Lessons From The Holocaust - Part 2

Deepa Gopal's picture

[Susan's story continues from Part 1 here]

Susan was liberated by Soviet troops on March 10th 1945. However, her struggles continued. With nowhere to go, Susan ended up working on a Soviet farm. She then moved to the town of Koszalin, where she met a Polish Jew named Herman Taube, and the two were married in July 1945.

Of course, nothing was the same after the Holocaust. The pleasant life Susan had lived before was gone. Her mother perished in the Thorn labor camp, while her sister died in Stutthof. Fortunately, Susan and Herman were able to immigrate to the United States where Susan was reunited with her father. Today, the Taubes have four children, eight grandchildren, and eight great-grandchildren.

Never Again

Susan’s story is just one of many that depict an unreal, horrifying time. It is important that we learn from stories like Susan’s, and that we take action to prevent discrimination and hate in today’s world.

This is the United States Holocaust Memorial Museum’s mission. Through its campaign “Never Again,” the museum aims to educate the public about the Holocaust and empower people to stand up against injustice. We need to learn about the past in order to do better things in the present.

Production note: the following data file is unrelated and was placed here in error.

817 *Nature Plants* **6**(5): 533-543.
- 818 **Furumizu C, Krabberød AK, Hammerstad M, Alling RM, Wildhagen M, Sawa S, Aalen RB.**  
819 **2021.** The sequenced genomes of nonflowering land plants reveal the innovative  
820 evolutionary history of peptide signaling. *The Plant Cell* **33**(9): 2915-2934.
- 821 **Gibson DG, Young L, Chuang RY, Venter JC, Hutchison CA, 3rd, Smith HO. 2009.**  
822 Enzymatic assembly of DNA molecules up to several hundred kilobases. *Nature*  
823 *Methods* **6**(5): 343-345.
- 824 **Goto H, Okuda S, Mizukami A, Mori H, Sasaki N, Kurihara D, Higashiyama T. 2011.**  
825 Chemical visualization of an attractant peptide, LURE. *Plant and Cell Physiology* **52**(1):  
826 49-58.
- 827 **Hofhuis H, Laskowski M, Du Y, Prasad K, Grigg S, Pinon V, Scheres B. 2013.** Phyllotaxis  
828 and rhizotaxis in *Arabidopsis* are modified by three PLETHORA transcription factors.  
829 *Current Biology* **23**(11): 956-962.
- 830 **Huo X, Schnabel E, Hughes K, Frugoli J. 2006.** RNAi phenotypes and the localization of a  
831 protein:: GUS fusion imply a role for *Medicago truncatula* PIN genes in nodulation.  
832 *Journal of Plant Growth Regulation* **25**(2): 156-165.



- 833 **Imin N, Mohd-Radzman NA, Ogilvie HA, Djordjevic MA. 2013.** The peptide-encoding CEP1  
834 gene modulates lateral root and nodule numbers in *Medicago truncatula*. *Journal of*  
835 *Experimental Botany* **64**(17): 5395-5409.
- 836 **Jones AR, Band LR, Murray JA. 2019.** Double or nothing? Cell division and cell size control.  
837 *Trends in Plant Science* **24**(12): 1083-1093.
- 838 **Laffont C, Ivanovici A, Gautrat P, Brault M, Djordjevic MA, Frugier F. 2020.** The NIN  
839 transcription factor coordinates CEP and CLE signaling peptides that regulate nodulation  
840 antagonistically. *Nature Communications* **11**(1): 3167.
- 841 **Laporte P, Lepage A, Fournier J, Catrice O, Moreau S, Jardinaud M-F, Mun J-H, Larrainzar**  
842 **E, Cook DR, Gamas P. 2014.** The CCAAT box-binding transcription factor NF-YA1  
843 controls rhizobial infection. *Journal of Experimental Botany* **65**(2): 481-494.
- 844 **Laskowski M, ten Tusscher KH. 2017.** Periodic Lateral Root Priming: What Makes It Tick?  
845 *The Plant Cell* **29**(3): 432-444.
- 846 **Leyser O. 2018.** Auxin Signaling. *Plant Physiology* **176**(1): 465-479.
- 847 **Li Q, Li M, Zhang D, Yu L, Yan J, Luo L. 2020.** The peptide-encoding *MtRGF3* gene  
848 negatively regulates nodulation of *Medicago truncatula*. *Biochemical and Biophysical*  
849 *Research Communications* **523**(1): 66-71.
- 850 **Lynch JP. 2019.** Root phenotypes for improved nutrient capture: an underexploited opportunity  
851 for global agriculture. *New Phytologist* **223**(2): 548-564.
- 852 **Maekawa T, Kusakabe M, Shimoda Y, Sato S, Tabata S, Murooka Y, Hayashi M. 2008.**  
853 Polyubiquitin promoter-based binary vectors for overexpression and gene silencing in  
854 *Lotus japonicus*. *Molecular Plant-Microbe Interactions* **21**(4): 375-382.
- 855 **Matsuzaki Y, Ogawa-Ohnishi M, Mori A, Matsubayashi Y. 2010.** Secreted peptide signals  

Susan says that the best way to fight discrimination today is to remember that we are all human, and that we all deserve to be treated with respect. “We are all human beings,” she tells me, “black, white, yellow, whatever your color of skin is, your blood is red, inside you are the same…we are all human beings. You have to treat each other equally. Don’t discriminate against anybody. Don’t bully anybody. You are human like everybody else.”

What You Do Matters

Part of preventing the horrible crimes that were committed during the Holocaust from happening again is standing up instead of being a bystander. During the Holocaust, many Germans kept quiet and did not speak up against Hitler and the Nazis.

It is important to stand up if you see someone being bullied. It is important to try to help anyone who is being hurt. “If you go out and just help your neighbor… be neighborly to everybody,” Susan reminds us, you can make a change for the better in your community.

We are lucky to be living in a world where something as horrible and inhumane as the Holocaust could not happen again. But that does not mean that discrimination and hatred are completely gone. People around the world still face violence and cruelty because of who they are or what they believe. It doesn’t have to be this way. You can help.